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The Kings Gora-Wallahs - Synopsis

This is a story set in British India of the 1920's and although written as fiction the majority of events are true. Adapted from personal interviews with ex-soldiers who served in India in the period written of, or drawn from fact closely researched over two years. The story centres in the main around a British battalion serving in India, hence the title, 'Gora-Wallahs', which is the name native Indian soldiers called the British soldiers. Even though some of the leading characters are officers and soldiers, the story is not confined exclusively to the role of the military in service in India, there are other main characters.

Robert Christie, born in India and now returning to take up a career with the Indian Civil Service. Adjudged autocratic during its reign, the Indian Civil Service is now recognised as the most even-handed governmental administering body the world has ever seen. Although tyrant ruled, it was based on benevolent tyranny, the tyrants at all level of governing were raised and educated with such high moral integrity that they could neither lie nor commit a disloyal act. They exercised their positions in the belief that they were there to protect the rights of the common man and to that end they were unsurpassed.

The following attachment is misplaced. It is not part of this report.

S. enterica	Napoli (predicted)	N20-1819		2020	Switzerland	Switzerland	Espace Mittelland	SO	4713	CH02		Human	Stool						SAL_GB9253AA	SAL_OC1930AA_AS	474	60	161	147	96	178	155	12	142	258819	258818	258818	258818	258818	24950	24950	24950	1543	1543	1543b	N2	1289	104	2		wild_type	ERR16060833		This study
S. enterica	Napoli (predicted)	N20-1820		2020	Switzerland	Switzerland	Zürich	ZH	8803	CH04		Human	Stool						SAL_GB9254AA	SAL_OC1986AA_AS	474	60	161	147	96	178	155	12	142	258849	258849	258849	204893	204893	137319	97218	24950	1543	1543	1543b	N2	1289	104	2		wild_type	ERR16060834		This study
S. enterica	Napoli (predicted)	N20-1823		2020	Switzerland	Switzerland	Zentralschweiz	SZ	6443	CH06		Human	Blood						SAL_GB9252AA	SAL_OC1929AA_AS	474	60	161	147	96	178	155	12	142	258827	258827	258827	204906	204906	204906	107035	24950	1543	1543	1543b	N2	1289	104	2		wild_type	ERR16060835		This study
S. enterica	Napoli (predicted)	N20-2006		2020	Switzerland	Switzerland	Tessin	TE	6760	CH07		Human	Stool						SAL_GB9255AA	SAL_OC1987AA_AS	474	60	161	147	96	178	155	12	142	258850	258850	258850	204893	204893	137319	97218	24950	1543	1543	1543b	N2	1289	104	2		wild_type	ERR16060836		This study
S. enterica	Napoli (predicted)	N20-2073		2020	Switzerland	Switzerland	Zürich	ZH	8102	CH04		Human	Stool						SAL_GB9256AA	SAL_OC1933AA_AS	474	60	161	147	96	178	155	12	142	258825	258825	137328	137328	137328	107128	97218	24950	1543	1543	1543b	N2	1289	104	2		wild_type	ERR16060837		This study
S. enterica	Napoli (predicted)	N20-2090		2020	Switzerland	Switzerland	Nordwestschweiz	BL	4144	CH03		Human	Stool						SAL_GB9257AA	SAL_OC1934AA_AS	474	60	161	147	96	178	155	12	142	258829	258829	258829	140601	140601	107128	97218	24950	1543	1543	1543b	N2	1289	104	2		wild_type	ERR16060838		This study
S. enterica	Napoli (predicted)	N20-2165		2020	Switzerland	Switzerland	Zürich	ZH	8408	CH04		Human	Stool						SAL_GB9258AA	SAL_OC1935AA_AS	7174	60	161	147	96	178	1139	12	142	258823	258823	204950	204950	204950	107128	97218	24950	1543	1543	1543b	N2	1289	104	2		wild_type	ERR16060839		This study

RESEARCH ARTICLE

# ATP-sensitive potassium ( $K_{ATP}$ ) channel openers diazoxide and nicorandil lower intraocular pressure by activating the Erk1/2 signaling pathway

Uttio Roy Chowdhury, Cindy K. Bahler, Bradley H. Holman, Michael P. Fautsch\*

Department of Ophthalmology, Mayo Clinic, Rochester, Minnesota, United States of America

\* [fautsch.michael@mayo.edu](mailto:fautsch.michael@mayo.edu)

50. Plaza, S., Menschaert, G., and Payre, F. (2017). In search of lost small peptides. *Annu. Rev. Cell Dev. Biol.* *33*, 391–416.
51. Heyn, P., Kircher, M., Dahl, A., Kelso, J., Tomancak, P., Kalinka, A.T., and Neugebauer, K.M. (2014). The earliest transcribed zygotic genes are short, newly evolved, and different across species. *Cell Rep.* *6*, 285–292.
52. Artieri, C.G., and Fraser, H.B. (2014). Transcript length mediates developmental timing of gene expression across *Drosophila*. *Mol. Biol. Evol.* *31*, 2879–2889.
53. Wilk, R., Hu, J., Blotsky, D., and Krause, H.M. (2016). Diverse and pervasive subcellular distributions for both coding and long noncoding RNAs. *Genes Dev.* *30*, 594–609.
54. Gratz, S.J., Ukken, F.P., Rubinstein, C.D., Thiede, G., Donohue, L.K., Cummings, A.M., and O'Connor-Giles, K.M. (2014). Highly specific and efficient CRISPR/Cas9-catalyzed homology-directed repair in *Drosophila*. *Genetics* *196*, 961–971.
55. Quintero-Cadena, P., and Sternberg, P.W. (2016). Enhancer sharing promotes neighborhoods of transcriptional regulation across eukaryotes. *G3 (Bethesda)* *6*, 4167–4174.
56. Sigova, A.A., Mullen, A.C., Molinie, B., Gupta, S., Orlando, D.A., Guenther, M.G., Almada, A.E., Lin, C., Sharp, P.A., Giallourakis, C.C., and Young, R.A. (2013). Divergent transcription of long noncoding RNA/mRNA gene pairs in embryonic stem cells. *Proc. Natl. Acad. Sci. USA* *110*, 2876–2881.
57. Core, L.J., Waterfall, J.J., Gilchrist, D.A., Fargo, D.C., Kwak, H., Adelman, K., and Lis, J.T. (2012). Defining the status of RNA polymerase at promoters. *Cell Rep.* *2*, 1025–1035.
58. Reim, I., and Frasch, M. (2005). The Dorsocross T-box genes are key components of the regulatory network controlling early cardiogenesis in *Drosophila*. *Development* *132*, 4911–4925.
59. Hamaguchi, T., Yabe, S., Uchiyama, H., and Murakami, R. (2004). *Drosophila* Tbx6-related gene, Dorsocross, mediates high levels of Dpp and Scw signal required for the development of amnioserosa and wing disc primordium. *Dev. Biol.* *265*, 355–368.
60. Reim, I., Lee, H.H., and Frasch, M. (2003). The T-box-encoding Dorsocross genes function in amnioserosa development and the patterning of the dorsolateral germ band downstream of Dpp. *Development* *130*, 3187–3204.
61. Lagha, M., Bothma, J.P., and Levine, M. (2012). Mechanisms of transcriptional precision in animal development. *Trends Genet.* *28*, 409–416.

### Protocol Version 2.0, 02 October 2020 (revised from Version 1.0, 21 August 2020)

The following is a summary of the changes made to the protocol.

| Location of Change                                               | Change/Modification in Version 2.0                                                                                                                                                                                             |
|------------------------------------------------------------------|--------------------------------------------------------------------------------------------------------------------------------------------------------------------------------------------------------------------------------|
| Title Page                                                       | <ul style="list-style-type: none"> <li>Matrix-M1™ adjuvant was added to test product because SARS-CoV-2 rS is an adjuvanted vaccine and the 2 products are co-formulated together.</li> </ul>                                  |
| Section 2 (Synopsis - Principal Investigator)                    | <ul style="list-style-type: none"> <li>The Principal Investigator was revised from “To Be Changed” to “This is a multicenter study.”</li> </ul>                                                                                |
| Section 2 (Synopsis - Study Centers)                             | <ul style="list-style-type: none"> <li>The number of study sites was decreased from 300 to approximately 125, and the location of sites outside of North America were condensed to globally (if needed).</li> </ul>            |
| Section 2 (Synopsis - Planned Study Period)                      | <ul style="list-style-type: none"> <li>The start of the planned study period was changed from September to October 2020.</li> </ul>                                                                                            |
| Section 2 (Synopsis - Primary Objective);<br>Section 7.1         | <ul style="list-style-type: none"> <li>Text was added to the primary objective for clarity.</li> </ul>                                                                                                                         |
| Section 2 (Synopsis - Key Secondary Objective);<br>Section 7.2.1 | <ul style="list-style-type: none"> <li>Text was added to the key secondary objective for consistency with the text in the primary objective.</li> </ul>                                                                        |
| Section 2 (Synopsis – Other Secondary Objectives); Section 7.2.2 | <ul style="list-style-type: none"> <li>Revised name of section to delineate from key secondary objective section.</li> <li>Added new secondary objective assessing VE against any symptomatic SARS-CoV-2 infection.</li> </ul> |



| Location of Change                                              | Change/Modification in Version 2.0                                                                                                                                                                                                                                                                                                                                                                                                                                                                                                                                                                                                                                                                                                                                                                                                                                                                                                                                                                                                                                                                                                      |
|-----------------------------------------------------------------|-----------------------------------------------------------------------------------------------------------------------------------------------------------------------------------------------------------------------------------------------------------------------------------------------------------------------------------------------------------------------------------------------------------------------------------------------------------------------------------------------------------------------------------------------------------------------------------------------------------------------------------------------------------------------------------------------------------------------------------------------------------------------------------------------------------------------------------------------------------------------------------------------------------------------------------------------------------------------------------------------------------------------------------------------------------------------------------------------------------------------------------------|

Emma Schofield, a doctor for many years in charge of a mission hospital on the Northwest Frontier. Living from day to day, because of the ever present lawless Pathan tribesmen, in the shadow of violent death.

Kishna, a Rajput Princess who Robert Christie falls in love with. Rose Rickman, the niece of the battalion regimental sergeant-major who takes up nursing and upon being kidnapped by Pathan bandits becomes embroiled in a Border war.

On reading, the book may seem at times too fundamental, the values of the characters too forthright. This, it must be remembered, were the days of the British Raj where correctness before the native Indians was of all importance. Even the soldiers of seventy years ago were of a more temperate mind, much improved on their predecessor. Before 1914 the British Army in India was riddled with drunkenness and venereal disease. The Great War swept that all away to be replaced by a younger generation broadly schooled and overall prouder of their chosen calling.

Regardless of the fact, unbeknown at the time, that the British Empire in India had only another few short decades to run, the country still contained many of the vices and virtues that were there when Alexander the Great first ventured onto its furnace hot north-western plains. Then, as now, the words used to describe India's temperaments and features would hardly have changed. Vibrant, mystifying, secretive, poverty, pageantry, savagery but for those who arrived from cold, misty north Atlantic shore lands, to see with their hearts as well as their eyes another word sits far about the others; beguile.

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